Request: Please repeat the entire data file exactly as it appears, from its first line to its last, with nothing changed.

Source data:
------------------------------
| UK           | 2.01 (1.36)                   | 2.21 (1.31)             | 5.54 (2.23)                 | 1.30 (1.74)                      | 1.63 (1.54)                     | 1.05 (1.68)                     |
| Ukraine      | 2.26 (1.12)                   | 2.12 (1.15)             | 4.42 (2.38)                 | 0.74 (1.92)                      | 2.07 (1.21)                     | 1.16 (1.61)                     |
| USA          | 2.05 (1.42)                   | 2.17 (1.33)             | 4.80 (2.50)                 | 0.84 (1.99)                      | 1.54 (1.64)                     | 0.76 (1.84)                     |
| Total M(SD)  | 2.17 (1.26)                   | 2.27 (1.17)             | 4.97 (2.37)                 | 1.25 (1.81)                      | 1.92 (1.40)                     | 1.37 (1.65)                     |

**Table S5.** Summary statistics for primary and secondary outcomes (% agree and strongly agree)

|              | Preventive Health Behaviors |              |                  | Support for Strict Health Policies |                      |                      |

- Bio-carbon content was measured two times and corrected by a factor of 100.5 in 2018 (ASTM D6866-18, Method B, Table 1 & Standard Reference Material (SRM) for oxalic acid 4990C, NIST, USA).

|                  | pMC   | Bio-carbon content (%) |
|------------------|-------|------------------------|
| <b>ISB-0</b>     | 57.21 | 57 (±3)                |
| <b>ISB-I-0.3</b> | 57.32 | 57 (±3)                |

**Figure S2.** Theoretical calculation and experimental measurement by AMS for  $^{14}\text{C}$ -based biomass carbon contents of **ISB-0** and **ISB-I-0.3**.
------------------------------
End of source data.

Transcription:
| UK           | 2.01 (1.36)                   | 2.21 (1.31)             | 5.54 (2.23)                 | 1.30 (1.74)                      | 1.63 (1.54)                     | 1.05 (1.68)                     |
| Ukraine      | 2.26 (1.12)                   | 2.12 (1.15)             | 4.42 (2.38)                 | 0.74 (1.92)                      | 2.07 (1.21)                     | 1.16 (1.61)                     |
| USA          | 2.05 (1.42)                   | 2.17 (1.33)             | 4.80 (2.50)                 | 0.84 (1.99)                      | 1.54 (1.64)                     | 0.76 (1.84)                     |
| Total M(SD)  | 2.17 (1.26)                   | 2.27 (1.17)             | 4.97 (2.37)                 | 1.25 (1.81)                      | 1.92 (1.40)                     | 1.37 (1.65)                     |

**Table S5.** Summary statistics for primary and secondary outcomes (% agree and strongly agree)

|              | Preventive Health Behaviors |              |                  | Support for Strict Health Policies |                      |                      |

- Bio-carbon content was measured two times and corrected by a factor of 100.5 in 2018 (ASTM D6866-18, Method B, Table 1 & Standard Reference Material (SRM) for oxalic acid 4990C, NIST, USA).

|                  | pMC   | Bio-carbon content (%) |
|------------------|-------|------------------------|
| <b>ISB-0</b>     | 57.21 | 57 (±3)                |
| <b>ISB-I-0.3</b> | 57.32 | 57 (±3)                |

**Figure S2.** Theoretical calculation and experimental measurement by AMS for  $^{14}\text{C}$ -based biomass carbon contents of **ISB-0** and **ISB-I-0.3**.